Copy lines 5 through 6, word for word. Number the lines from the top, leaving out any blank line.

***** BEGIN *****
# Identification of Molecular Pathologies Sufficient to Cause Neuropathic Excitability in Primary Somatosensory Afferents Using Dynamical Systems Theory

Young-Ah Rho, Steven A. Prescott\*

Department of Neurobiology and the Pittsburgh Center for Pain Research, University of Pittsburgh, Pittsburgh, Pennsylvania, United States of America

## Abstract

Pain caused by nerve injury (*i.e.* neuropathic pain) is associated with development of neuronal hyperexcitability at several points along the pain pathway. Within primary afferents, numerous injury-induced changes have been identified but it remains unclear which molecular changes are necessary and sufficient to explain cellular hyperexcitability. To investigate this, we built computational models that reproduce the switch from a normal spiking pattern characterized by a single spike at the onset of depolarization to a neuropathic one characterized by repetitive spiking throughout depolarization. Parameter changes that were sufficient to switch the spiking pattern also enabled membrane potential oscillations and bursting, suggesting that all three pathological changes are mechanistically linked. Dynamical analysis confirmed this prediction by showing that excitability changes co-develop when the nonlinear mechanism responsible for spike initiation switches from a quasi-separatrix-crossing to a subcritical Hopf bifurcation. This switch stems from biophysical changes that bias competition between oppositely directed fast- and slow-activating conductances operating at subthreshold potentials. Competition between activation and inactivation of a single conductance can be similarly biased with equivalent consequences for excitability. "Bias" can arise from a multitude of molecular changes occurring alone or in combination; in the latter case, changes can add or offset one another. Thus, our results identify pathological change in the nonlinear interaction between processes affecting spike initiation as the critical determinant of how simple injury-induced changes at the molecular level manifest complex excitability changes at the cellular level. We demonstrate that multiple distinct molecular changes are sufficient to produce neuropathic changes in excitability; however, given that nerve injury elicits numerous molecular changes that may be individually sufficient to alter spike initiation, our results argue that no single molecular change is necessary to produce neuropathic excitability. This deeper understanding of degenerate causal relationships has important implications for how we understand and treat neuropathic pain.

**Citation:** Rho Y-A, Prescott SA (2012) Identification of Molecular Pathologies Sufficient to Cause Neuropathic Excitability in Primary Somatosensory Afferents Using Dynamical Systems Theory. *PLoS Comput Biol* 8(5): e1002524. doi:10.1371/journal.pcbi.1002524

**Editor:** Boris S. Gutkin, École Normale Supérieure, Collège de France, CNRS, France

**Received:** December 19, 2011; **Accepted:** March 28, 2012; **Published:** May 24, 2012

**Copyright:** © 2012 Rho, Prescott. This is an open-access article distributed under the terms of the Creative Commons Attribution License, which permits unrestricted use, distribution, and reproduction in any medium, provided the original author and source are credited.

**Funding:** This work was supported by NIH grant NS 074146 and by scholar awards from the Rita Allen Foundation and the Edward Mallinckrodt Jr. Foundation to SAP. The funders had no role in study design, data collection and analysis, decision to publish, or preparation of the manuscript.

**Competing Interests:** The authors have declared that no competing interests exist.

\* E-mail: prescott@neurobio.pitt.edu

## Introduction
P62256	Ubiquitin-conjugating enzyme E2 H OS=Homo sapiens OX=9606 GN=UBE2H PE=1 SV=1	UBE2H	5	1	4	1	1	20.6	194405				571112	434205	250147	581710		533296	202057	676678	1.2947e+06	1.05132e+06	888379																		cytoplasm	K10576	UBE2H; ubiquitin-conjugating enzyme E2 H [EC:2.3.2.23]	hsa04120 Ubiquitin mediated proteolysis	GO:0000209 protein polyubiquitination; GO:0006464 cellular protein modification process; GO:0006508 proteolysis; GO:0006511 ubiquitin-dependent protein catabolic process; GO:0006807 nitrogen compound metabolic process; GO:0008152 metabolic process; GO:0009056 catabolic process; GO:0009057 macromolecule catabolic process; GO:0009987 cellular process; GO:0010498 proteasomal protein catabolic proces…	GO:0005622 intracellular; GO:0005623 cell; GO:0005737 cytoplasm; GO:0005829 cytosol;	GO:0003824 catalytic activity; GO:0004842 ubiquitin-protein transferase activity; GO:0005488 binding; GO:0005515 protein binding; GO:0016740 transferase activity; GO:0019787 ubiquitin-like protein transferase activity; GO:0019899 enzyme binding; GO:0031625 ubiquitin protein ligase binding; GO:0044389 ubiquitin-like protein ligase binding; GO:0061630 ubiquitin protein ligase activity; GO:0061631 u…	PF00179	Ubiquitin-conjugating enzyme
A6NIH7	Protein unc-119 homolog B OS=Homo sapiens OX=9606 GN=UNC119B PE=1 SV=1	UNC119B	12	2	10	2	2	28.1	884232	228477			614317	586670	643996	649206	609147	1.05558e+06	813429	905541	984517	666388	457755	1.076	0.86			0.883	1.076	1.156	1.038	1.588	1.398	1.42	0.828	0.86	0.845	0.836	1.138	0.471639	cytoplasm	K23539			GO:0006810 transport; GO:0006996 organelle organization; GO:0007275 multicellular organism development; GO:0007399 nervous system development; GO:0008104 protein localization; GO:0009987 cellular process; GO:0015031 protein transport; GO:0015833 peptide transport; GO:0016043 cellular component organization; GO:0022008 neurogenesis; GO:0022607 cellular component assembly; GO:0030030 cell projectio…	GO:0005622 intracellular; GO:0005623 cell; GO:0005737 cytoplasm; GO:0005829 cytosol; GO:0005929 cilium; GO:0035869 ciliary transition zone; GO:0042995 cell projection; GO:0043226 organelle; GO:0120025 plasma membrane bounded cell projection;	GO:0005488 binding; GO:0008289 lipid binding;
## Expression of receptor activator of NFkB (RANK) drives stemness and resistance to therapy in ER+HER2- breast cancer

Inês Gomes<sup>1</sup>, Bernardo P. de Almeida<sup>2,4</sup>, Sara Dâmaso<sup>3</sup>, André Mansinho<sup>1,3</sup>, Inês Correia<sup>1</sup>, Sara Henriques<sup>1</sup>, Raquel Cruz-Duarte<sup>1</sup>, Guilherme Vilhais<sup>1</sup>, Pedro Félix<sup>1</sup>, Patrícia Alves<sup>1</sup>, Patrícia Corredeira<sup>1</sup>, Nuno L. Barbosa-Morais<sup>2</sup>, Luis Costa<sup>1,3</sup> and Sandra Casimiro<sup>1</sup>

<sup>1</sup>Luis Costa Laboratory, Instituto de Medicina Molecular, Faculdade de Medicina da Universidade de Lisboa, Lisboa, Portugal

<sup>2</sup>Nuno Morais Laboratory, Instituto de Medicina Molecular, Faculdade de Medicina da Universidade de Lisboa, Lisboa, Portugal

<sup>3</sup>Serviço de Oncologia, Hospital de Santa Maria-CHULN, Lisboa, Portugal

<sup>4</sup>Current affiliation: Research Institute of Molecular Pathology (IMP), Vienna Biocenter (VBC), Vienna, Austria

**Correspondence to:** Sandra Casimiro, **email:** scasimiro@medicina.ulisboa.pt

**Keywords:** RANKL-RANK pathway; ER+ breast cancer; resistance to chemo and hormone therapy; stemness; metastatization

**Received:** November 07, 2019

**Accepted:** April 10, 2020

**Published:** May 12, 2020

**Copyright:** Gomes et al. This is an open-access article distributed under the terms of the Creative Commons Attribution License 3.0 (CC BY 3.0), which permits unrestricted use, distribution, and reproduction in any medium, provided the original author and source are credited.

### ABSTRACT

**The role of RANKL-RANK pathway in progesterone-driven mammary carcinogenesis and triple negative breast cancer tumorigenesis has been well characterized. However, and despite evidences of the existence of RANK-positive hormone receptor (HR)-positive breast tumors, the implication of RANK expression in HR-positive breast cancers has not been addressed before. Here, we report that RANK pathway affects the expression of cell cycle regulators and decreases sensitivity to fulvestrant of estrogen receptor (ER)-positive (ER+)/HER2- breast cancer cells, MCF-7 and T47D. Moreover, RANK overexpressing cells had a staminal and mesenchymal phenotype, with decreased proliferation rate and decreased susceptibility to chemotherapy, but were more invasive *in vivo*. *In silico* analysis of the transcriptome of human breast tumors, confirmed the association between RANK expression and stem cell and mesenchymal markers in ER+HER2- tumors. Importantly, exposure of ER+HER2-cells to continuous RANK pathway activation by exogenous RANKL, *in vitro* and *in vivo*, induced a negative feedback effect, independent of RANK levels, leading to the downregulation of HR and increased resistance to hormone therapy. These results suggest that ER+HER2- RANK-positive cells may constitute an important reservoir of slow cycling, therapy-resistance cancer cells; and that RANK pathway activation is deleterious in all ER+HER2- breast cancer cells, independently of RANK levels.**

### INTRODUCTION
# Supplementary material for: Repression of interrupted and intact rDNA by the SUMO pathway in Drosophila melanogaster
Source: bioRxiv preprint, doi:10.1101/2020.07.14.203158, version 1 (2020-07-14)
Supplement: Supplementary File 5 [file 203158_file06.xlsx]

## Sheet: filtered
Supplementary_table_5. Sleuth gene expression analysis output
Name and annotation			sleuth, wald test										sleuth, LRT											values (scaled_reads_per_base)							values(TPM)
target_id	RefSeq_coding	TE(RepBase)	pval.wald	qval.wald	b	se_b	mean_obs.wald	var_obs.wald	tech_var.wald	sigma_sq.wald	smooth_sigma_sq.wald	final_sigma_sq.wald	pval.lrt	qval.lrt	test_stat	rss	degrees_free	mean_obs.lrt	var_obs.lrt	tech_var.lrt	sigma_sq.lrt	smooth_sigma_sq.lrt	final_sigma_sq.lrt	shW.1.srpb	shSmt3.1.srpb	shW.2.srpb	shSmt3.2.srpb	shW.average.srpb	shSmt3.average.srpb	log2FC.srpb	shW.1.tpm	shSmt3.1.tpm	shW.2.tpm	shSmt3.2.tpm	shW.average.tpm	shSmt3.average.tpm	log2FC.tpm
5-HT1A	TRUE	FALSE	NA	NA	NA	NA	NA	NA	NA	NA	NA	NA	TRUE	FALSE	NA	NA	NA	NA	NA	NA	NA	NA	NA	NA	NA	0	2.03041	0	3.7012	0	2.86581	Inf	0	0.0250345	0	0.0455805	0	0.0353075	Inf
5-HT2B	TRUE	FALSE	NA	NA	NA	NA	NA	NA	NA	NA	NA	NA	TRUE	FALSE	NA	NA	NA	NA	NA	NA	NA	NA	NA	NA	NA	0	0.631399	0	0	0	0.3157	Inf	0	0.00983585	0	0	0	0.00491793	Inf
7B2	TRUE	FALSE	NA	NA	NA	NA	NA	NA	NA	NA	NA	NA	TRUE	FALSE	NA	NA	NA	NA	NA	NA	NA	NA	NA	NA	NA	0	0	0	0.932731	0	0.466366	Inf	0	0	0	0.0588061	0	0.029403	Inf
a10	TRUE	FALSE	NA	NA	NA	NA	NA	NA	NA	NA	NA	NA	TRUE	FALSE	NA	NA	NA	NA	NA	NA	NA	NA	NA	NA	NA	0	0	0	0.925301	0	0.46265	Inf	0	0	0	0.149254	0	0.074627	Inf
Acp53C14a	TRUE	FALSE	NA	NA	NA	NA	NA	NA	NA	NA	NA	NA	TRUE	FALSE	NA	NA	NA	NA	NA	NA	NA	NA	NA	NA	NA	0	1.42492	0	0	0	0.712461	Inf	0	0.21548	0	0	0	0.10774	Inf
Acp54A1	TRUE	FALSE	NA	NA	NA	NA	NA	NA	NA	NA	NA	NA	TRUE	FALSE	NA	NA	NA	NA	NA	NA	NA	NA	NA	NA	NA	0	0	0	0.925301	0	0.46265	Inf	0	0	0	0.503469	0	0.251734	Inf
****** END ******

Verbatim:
Pain caused by nerve injury (*i.e.* neuropathic pain) is associated with development of neuronal hyperexcitability at several points along the pain pathway. Within primary afferents, numerous injury-induced changes have been identified but it remains unclear which molecular changes are necessary and sufficient to explain cellular hyperexcitability. To investigate this, we built computational models that reproduce the switch from a normal spiking pattern characterized by a single spike at the onset of depolarization to a neuropathic one characterized by repetitive spiking throughout depolarization. Parameter changes that were sufficient to switch the spiking pattern also enabled membrane potential oscillations and bursting, suggesting that all three pathological changes are mechanistically linked. Dynamical analysis confirmed this prediction by showing that excitability changes co-develop when the nonlinear mechanism responsible for spike initiation switches from a quasi-separatrix-crossing to a subcritical Hopf bifurcation. This switch stems from biophysical changes that bias competition between oppositely directed fast- and slow-activating conductances operating at subthreshold potentials. Competition between activation and inactivation of a single conductance can be similarly biased with equivalent consequences for excitability. "Bias" can arise from a multitude of molecular changes occurring alone or in combination; in the latter case, changes can add or offset one another. Thus, our results identify pathological change in the nonlinear interaction between processes affecting spike initiation as the critical determinant of how simple injury-induced changes at the molecular level manifest complex excitability changes at the cellular level. We demonstrate that multiple distinct molecular changes are sufficient to produce neuropathic changes in excitability; however, given that nerve injury elicits numerous molecular changes that may be individually sufficient to alter spike initiation, our results argue that no single molecular change is necessary to produce neuropathic excitability. This deeper understanding of degenerate causal relationships has important implications for how we understand and treat neuropathic pain.

**Citation:** Rho Y-A, Prescott SA (2012) Identification of Molecular Pathologies Sufficient to Cause Neuropathic Excitability in Primary Somatosensory Afferents Using Dynamical Systems Theory. *PLoS Comput Biol* 8(5): e1002524. doi:10.1371/journal.pcbi.1002524